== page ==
From: Science Daily, adapted from materials from Cornell University
Published January 10, 2011 07:50 AM

Dust levels in Earth's atmosphere contribute to climate change

The amount of dust in the Earth's atmosphere has doubled over the last century, according to a new study; and the dramatic increase is influencing climate and ecology around the world.

The study, led by Natalie Mahowald, associate professor of earth and atmospheric sciences, used available data and computer modeling to estimate the amount of desert dust, or soil particles in the atmosphere, throughout the 20th century. It's the first study to trace the fluctuation of a natural (not human-caused) aerosol around the globe over the course of a century.

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Desert dust and climate influence each other directly and indirectly through a host of intertwined systems. Dust limits the amount of solar radiation that reaches the Earth, for example, a factor that could mask the warming effects of increasing atmospheric carbon dioxide. It also can influence clouds and precipitation, leading to droughts; which, in turn, leads to desertification and more dust.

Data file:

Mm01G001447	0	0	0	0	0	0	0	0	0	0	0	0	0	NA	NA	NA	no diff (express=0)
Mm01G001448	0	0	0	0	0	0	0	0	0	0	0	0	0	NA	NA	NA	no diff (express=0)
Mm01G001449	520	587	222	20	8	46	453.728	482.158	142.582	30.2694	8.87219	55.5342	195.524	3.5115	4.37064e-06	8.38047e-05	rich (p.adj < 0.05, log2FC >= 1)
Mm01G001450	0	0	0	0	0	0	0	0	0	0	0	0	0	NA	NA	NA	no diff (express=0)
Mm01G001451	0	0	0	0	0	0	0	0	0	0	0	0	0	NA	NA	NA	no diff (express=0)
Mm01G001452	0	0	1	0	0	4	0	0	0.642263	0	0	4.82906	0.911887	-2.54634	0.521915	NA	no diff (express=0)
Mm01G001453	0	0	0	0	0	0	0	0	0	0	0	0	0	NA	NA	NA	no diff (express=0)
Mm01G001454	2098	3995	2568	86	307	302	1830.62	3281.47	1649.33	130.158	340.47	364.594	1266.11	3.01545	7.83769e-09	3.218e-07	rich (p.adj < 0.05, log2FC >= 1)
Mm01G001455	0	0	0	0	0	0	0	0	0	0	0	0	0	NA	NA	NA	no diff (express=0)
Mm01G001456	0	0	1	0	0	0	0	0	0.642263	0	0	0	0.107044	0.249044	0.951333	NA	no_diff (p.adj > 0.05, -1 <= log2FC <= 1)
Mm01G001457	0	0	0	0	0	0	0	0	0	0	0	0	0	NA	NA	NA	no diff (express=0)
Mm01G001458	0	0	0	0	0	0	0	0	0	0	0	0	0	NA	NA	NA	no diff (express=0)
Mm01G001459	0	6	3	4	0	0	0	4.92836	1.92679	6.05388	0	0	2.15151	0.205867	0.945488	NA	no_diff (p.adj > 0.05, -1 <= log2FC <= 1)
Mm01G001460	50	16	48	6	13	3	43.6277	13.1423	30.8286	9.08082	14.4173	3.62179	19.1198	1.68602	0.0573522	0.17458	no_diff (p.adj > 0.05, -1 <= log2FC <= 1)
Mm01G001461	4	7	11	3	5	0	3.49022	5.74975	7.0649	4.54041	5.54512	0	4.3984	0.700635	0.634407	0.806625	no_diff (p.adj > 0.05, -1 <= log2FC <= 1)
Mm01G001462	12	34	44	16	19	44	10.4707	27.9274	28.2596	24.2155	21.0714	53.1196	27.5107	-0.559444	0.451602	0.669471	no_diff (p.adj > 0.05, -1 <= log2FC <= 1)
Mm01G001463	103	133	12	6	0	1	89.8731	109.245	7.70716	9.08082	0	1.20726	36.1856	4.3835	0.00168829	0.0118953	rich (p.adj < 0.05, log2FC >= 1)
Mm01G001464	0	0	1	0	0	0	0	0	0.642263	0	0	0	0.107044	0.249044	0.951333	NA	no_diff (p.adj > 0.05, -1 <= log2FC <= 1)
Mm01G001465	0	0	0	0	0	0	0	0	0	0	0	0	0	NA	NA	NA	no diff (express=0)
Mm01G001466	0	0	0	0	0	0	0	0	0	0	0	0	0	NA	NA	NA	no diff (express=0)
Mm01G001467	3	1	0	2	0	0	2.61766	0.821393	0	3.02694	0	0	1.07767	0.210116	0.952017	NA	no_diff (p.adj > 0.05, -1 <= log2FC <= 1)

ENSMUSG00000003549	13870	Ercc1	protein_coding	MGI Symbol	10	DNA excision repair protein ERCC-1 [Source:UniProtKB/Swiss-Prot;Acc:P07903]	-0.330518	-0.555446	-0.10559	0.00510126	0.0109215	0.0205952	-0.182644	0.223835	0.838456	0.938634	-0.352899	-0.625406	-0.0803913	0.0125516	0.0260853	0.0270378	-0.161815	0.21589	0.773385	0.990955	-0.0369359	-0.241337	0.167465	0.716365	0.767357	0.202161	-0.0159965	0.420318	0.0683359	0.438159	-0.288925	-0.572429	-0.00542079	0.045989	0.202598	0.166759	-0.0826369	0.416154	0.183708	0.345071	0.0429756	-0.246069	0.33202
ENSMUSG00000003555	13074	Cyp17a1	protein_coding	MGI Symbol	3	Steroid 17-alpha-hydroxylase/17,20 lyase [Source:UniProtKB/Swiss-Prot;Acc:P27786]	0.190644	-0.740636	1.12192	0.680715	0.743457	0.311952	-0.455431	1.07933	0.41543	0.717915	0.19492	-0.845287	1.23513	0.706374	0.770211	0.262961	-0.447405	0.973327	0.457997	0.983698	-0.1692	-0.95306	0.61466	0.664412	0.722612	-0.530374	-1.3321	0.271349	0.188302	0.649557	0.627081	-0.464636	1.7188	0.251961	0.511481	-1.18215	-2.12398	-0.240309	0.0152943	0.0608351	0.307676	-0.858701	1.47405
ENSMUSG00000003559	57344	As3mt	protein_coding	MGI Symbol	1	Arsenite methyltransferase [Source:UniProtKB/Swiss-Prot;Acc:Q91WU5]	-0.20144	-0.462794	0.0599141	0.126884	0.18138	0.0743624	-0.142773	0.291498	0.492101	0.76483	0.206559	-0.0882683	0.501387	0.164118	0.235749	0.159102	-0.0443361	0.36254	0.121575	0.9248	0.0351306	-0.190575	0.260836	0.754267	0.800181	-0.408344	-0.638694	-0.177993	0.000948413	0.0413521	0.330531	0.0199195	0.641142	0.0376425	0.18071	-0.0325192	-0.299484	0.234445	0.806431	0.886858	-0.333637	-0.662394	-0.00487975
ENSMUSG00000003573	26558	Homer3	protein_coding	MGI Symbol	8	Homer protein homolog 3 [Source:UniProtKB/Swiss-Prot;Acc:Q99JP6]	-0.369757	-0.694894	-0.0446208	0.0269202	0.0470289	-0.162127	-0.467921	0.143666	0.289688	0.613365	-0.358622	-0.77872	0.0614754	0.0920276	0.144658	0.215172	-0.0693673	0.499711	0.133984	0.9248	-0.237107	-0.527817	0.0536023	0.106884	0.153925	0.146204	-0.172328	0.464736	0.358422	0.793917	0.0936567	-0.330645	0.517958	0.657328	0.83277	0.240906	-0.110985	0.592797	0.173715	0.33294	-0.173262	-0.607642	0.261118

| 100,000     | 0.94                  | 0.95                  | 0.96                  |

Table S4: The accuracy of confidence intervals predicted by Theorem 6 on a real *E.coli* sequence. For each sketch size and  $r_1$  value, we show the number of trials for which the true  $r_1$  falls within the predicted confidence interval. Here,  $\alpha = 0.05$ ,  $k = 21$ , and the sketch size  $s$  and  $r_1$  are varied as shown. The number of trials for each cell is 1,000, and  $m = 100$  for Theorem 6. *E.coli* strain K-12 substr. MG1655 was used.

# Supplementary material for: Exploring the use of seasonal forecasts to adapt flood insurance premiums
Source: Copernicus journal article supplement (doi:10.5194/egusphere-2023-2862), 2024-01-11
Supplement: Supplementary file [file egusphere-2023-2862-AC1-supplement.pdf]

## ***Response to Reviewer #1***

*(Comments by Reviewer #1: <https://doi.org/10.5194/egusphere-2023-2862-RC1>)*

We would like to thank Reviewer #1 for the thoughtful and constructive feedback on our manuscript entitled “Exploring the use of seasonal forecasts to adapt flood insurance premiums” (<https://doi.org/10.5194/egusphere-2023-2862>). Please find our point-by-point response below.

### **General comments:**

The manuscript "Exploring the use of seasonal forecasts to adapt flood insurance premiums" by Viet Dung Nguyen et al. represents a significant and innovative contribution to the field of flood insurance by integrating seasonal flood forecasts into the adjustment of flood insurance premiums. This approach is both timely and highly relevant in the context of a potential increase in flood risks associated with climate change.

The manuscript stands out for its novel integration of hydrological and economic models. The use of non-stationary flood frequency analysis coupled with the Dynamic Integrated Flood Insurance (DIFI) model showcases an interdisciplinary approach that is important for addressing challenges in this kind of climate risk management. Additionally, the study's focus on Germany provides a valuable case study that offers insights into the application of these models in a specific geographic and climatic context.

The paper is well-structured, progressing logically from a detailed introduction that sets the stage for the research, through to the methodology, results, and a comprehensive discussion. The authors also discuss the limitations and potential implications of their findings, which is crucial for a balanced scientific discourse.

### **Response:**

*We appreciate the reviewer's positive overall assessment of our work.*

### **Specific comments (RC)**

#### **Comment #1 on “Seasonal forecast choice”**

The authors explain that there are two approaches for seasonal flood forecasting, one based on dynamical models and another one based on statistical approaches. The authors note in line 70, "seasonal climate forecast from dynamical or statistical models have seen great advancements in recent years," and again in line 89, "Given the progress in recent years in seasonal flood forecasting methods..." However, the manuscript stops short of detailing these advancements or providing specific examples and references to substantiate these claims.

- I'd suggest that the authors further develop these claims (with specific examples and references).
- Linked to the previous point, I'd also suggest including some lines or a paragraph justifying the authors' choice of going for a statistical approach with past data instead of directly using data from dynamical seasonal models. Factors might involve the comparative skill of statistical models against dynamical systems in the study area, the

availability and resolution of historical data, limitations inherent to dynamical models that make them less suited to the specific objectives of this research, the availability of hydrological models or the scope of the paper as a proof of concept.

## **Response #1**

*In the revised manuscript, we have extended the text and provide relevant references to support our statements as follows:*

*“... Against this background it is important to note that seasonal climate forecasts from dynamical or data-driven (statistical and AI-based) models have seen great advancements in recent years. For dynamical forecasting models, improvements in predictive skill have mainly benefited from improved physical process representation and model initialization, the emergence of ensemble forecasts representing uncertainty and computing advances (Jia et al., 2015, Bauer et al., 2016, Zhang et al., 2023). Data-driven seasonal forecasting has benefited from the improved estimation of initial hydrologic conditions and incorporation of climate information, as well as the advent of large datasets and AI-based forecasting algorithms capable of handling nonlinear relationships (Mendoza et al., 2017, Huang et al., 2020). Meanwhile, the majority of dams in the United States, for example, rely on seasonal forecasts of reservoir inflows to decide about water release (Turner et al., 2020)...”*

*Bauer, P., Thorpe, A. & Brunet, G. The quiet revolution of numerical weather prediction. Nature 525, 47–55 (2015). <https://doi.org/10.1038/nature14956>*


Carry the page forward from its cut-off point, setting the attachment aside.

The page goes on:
Ocean chemistry is also intricately involved. Dust is a major source of iron, which is vital for plankton and other organisms that draw carbon out of the atmosphere.

To measure fluctuations in desert dust over the century, the researchers gathered existing data from ice cores, lake sediment and coral, each of which contain information about past concentrations of desert dust in the region. They then linked each sample with its likely source region and calculated the rate of dust deposition over time. Applying components of a computer modeling system known as the Community Climate System Model, the researchers reconstructed the influence of desert dust on temperature, precipitation, ocean iron deposition and terrestrial carbon uptake over time.

Image shows how desert dust influences climate through a host of interactions.  Credit:  Cornell Uuniversity

Article continues: http://www.sciencedaily.com/releases/2011/01/110110055748.htm

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